The Senate passed a bill on Thursday that requires school districts offering sex education to use a curriculum they described as medically accurate, age-appropriate and inclusive of students regardless of their sexual orientation. The Healthy Youth Act, which passed in a vote, would require schools teaching sex education to use the updated Massachusetts Comprehensive Health Curriculum Framework to provide comprehensive, medically accurate and age-appropriate information, but it would also allow parents to opt their children out. The bill, S. That means schools would need to acknowledge that people have different sexual orientations and gender identities and offer resources for LGBTQ students.
Massachusetts State Profile
General Law - Part I, Title XII, Chapter 71, Section 32A
Learn more …. Attachment 1 Attachment 2 Attachment 3 Regulations. Schools are to make instructional materials for said curricula reasonably accessible to parents, guardians and others for inspection and review. Section 32A directs the Department of Elementary and Secondary Education to promulgate regulations for resolution of disputes that may arise under it. We are in the process of developing those regulations. We believe disputes will be rare if school committees, superintendents, principals, teachers and parents work together to ensure that the policies adopted by the school district are clear, consistent with the law and well-understood by all members of the school community. For that reason, we are publishing this advisory to inform you about the requirements of the new law and our understanding of its intent.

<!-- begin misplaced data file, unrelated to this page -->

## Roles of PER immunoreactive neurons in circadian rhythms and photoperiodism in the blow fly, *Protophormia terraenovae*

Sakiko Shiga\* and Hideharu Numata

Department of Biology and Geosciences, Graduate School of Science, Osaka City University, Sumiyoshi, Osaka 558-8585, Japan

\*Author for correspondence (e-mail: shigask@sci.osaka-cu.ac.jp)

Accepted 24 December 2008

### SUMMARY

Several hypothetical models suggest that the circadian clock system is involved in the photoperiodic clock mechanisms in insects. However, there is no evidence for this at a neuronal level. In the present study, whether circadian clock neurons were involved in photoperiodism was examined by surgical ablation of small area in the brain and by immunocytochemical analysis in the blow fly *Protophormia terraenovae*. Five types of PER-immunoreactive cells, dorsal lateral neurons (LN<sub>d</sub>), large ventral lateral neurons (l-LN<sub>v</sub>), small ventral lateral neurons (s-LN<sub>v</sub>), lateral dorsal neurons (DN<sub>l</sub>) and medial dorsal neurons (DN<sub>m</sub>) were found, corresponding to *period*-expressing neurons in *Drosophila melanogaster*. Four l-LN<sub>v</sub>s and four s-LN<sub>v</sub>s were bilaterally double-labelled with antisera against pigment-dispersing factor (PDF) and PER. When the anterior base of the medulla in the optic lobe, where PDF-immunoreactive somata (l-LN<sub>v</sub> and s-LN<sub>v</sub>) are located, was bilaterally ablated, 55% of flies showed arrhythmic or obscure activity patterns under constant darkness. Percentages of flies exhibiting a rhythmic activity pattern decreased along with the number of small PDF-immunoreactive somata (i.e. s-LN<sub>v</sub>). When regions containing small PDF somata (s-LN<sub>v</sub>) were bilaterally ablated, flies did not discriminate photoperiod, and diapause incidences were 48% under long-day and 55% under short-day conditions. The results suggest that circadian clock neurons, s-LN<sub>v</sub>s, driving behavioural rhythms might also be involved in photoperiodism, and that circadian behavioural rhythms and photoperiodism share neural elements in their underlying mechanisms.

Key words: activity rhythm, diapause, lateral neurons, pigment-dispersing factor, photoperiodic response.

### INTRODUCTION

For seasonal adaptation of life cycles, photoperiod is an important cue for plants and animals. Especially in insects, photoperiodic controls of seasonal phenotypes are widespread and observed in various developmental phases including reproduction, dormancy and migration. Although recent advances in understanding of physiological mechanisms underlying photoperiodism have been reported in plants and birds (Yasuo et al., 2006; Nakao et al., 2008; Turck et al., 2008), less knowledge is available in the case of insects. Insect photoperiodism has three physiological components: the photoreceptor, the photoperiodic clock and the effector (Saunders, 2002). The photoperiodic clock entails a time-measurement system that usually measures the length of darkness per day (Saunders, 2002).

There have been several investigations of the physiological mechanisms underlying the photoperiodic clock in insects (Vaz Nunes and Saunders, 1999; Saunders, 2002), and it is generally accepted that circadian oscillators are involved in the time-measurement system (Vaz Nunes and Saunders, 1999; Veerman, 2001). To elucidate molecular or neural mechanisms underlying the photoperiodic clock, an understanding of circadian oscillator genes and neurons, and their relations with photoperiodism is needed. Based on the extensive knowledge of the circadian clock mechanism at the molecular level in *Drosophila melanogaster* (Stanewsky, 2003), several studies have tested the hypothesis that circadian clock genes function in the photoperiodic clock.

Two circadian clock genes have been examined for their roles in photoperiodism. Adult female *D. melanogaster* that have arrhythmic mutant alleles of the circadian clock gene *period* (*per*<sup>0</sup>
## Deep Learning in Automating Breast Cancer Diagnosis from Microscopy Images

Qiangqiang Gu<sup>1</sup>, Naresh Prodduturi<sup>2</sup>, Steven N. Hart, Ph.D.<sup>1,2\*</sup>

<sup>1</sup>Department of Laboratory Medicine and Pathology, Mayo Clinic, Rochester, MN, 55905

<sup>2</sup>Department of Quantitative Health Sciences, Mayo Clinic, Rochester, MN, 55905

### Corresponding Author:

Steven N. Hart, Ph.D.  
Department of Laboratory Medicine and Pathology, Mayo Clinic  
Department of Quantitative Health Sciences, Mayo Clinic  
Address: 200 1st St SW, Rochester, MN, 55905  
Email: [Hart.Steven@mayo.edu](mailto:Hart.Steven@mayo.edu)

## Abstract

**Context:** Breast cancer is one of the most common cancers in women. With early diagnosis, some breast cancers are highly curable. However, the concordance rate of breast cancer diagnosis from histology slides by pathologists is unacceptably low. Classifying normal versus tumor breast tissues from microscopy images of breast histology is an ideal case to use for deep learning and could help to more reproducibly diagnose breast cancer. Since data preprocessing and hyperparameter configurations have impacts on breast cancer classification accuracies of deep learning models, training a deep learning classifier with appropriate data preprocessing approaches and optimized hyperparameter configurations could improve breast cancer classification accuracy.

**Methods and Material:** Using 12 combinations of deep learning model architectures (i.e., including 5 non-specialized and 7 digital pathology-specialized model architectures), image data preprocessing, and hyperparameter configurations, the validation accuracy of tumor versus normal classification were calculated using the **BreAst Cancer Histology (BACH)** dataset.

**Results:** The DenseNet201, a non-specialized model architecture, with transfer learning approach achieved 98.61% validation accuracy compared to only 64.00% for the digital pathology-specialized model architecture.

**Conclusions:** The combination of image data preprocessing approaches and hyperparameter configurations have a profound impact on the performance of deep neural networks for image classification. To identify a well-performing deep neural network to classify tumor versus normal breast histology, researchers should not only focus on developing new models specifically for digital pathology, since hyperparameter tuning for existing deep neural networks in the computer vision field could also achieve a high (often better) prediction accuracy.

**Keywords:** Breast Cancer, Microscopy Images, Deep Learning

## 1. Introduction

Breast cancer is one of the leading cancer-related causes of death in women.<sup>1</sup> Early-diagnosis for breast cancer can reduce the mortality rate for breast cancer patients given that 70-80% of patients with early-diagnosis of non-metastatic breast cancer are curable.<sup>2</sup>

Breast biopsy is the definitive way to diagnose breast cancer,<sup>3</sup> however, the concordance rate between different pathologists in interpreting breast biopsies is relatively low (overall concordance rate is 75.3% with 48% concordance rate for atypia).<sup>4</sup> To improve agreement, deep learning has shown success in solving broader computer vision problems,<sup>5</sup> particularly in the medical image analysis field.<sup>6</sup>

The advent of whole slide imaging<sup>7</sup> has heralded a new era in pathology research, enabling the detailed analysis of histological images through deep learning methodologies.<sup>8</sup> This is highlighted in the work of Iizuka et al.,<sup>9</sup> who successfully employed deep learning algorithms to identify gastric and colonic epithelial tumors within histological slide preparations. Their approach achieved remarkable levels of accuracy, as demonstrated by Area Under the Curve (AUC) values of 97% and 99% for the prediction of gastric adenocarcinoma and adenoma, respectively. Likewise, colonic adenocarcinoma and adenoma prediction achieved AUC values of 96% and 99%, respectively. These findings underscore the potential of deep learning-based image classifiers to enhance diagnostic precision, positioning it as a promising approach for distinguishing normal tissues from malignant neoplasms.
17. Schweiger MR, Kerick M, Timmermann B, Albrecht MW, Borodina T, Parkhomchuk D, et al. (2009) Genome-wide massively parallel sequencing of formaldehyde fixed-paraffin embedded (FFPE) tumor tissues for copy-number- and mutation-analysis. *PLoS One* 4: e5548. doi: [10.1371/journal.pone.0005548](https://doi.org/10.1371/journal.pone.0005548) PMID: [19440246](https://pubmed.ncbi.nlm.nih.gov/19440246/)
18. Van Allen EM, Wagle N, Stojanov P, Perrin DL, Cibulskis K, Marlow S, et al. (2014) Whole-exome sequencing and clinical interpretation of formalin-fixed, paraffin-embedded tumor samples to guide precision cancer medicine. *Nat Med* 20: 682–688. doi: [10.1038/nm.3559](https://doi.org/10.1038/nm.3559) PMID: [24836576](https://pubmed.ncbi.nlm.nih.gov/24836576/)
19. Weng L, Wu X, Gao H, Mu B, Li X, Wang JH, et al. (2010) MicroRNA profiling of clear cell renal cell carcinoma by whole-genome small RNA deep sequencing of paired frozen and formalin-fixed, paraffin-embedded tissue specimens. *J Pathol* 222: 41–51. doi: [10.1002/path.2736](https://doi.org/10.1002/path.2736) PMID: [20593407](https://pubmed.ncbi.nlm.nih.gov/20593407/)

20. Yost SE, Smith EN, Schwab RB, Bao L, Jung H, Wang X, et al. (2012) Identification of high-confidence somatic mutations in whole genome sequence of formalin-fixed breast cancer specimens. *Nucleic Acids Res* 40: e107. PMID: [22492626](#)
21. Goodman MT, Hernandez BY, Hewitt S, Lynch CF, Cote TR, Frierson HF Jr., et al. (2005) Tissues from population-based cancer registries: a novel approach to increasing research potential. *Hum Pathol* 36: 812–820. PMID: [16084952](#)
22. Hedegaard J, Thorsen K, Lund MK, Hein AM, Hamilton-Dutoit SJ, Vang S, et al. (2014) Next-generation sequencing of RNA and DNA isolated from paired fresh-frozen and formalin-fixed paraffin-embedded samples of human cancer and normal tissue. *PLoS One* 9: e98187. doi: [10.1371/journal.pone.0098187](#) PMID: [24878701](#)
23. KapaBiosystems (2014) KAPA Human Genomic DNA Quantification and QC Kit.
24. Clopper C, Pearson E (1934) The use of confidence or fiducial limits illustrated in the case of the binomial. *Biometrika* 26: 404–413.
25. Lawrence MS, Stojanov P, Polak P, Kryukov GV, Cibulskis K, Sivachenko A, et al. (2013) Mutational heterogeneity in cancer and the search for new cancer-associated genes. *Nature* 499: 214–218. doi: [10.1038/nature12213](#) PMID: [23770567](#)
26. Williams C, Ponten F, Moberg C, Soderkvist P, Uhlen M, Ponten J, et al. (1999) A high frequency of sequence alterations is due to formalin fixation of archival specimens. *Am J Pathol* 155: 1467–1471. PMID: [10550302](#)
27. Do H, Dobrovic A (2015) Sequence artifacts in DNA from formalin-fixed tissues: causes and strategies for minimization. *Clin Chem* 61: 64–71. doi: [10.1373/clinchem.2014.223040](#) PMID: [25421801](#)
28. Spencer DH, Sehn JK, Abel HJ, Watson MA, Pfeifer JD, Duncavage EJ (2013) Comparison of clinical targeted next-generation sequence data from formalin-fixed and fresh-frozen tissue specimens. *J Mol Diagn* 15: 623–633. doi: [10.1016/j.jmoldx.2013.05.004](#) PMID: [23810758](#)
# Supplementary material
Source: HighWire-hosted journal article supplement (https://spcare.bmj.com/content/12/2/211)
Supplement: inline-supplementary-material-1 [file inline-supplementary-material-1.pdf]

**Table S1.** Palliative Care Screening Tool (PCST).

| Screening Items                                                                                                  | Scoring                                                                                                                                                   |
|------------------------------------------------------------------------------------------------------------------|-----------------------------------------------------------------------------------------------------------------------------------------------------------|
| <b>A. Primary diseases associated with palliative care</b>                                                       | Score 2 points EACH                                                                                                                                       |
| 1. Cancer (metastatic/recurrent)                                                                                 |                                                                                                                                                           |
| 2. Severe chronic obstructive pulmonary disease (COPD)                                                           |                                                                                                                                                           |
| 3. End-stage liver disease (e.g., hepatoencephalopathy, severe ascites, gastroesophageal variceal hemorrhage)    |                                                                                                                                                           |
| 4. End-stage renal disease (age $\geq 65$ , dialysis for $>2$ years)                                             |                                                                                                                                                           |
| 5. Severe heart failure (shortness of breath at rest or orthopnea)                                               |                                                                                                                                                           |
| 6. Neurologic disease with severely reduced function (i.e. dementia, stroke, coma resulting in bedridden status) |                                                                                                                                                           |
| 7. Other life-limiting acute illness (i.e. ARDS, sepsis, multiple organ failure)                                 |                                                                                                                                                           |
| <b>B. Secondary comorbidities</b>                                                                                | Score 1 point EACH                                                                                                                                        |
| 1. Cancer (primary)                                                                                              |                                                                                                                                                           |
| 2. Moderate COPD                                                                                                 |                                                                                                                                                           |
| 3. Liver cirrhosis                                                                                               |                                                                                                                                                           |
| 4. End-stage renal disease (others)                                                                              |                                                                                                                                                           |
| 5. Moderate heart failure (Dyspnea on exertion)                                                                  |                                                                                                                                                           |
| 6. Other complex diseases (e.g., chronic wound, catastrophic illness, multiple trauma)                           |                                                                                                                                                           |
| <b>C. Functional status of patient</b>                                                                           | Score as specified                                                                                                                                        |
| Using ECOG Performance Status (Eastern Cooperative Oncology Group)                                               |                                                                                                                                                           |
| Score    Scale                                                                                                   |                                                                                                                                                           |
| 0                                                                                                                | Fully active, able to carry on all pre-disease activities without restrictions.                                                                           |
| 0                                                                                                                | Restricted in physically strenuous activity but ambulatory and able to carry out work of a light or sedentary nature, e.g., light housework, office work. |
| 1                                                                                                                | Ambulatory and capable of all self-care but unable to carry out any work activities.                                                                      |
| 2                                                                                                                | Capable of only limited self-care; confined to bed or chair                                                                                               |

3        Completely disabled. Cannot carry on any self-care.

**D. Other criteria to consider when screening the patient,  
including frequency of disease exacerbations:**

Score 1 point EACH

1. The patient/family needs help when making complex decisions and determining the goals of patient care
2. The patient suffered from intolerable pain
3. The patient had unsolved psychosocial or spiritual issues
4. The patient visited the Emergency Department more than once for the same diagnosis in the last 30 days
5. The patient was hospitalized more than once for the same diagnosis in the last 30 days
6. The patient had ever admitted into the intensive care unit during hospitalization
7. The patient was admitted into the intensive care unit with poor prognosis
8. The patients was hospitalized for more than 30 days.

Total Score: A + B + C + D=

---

Advisory Opinion on the Parental Notification Law
The Senate voted Thursday to require comprehensive sex education curriculum in schools that teach the topic, easily advancing a bill that has proved controversial in the past. Under the bill, which passed , schools offering sex education would be required to provide medically accurate and age-appropriate information, including LGBTQ-inclusive material and discussion of consent, while allowing parents to opt their children out. Supporters said existing state law does not guarantee that materials taught are medically accurate, making an update necessary to ensure the health and well-being of students. Sal DiDomenico, an Everett Democrat who was the bill's lead sponsor.
On January 16, , the Massachusetts Senate passed S. This does not require schools to adopt a curriculum, and there is an opt-out provision for parents who do not wish their children to receive this education. Still, the bill requires medically accurate information be shared, that a comprehensive view of sex education be taught that goes beyond abstinence-only education, and, perhaps most importantly, the bill requires schools teach students about consent, boundaries, and healthy and safe relationships. Unfortunately, the legislative session came to an end with the bill stuck in the House Committee on Ways and Means.